By Andy Stettler
@andystettler on Twitter
About two years ago I learned exactly how video games can be educational. I had just finished up what accumulated to about five hours (with a lunch break) of Minecraft one weekend when I had to run some errands.
In those days my wife worked weekends and I’d often game with my friends who live all over North America, including Canada, for almost the entire eight hours she was gone except for maybe the last hour when I would quick clean the house, go grocery shopping and start making dinner.
“You cleaned!” my wife would laugh happily when she came home not knowing I’d spent my day planted securely to my DXRacer chair, an outrageously comfortable chair that has erased back pain brought on from my office chair.
I realized the impact Minecraft had on me when I was sitting at a red light on my way to the grocery store and noticed a building to my left. First I noted the bricks and wondered how the bricks had been made.
In Minecraft you mine a clay block, usually found near rivers or lakes, break it down into smaller pieces of clay and cook them in your oven.
Before the light could turn green, I had imagine the building’s rough framing, plumbing, electrical and HVAC being installed. Then the drywall, the fixtures and interior trim and, hey, I wonder how they crafted the sidewalk.
“HONK!” The light was green and I had to get back to the real world.
According to a June 2016 stat from Mojang, the company that developed Minecraft, “If each person that bought a copy [of Minecraft] formed a nation, it would be the 12 most populous in the world behind Russia, Japan and Mexico.”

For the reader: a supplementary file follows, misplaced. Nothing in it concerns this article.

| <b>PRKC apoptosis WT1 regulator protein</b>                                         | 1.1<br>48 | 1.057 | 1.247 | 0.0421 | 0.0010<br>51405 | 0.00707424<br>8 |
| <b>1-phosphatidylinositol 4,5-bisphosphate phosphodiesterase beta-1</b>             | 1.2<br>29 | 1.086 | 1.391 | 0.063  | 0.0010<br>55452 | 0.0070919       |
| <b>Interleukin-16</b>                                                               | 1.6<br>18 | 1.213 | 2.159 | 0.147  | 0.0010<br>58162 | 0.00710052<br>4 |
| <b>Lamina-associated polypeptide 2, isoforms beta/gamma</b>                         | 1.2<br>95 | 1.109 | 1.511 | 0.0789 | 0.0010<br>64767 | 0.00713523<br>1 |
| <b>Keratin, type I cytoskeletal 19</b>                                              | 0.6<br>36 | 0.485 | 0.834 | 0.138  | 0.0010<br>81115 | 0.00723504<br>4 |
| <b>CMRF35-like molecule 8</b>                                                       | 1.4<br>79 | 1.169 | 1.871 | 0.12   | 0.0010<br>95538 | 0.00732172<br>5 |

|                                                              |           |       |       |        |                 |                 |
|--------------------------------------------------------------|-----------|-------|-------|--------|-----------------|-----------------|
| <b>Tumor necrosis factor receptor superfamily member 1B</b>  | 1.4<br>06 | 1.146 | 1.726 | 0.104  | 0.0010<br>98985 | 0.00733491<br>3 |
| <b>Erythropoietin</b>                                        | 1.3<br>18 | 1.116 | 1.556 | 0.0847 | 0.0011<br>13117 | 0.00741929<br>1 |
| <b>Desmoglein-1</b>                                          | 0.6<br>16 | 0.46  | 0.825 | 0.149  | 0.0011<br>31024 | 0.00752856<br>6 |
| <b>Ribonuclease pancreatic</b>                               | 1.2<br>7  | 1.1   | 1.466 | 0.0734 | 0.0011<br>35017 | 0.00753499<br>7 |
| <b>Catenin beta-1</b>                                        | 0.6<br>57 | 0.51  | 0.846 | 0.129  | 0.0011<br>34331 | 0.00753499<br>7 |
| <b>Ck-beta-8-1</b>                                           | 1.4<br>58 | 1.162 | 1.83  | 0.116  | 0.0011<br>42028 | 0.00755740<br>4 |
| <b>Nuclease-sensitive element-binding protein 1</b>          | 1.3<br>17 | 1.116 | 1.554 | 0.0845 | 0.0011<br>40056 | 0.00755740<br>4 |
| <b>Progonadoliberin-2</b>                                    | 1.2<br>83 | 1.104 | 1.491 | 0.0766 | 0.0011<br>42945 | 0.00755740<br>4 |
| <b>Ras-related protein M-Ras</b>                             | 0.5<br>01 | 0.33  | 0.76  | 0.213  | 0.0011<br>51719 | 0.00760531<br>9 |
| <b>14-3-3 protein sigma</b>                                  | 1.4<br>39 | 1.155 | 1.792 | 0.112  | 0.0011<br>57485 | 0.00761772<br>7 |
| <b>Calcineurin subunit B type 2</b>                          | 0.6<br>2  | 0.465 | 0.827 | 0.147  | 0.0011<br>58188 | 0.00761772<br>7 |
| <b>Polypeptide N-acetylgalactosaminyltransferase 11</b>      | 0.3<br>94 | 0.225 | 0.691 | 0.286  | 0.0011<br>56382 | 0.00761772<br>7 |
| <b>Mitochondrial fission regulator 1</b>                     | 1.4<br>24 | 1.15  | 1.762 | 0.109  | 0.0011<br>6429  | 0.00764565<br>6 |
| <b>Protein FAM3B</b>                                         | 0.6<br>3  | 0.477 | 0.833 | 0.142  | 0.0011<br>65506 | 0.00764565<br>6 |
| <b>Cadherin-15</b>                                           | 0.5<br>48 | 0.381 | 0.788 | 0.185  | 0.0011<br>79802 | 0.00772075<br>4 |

That’s quite a stat considering the Minefaire convention that came to the Greater Philadelphia Convention Center in Oaks this past weekend.
According to Minefaire officials, the convention set a Guinness World Record for the largest convention for a single video game with 12,140 people attending.
I went Sunday and though I wish I had brought my 9-year-old nephew, it was fun to see what’s big in the Minecraft community in 2016.
Family’s lined up for the virtual reality Minecraft experience which was a huge hit and while one player told me she could see the VR headset getting annoying, another 10-year-old said he thought the mobs are “really very spooky” in the VR version.
The best part of the event, in the opinion of this 20-something gamer, was the parent-child gaming area where a Minefaire official encouraged parents to sit down with their child and “let them show you what they’ve learned in Minecraft.”
Parents huddled around their kids, sitting in folding chairs or taking a knee to watch as their child showed them how to cook meat or install an oven.
How often does a child say they want to help install any household appliance let alone rake the leaves?
Does your child play Minecraft and do you play too? Send a screenshot or clear photo of something you’ve built to firstname.lastname@example.org and I’ll post the best to tickettoentertainment.com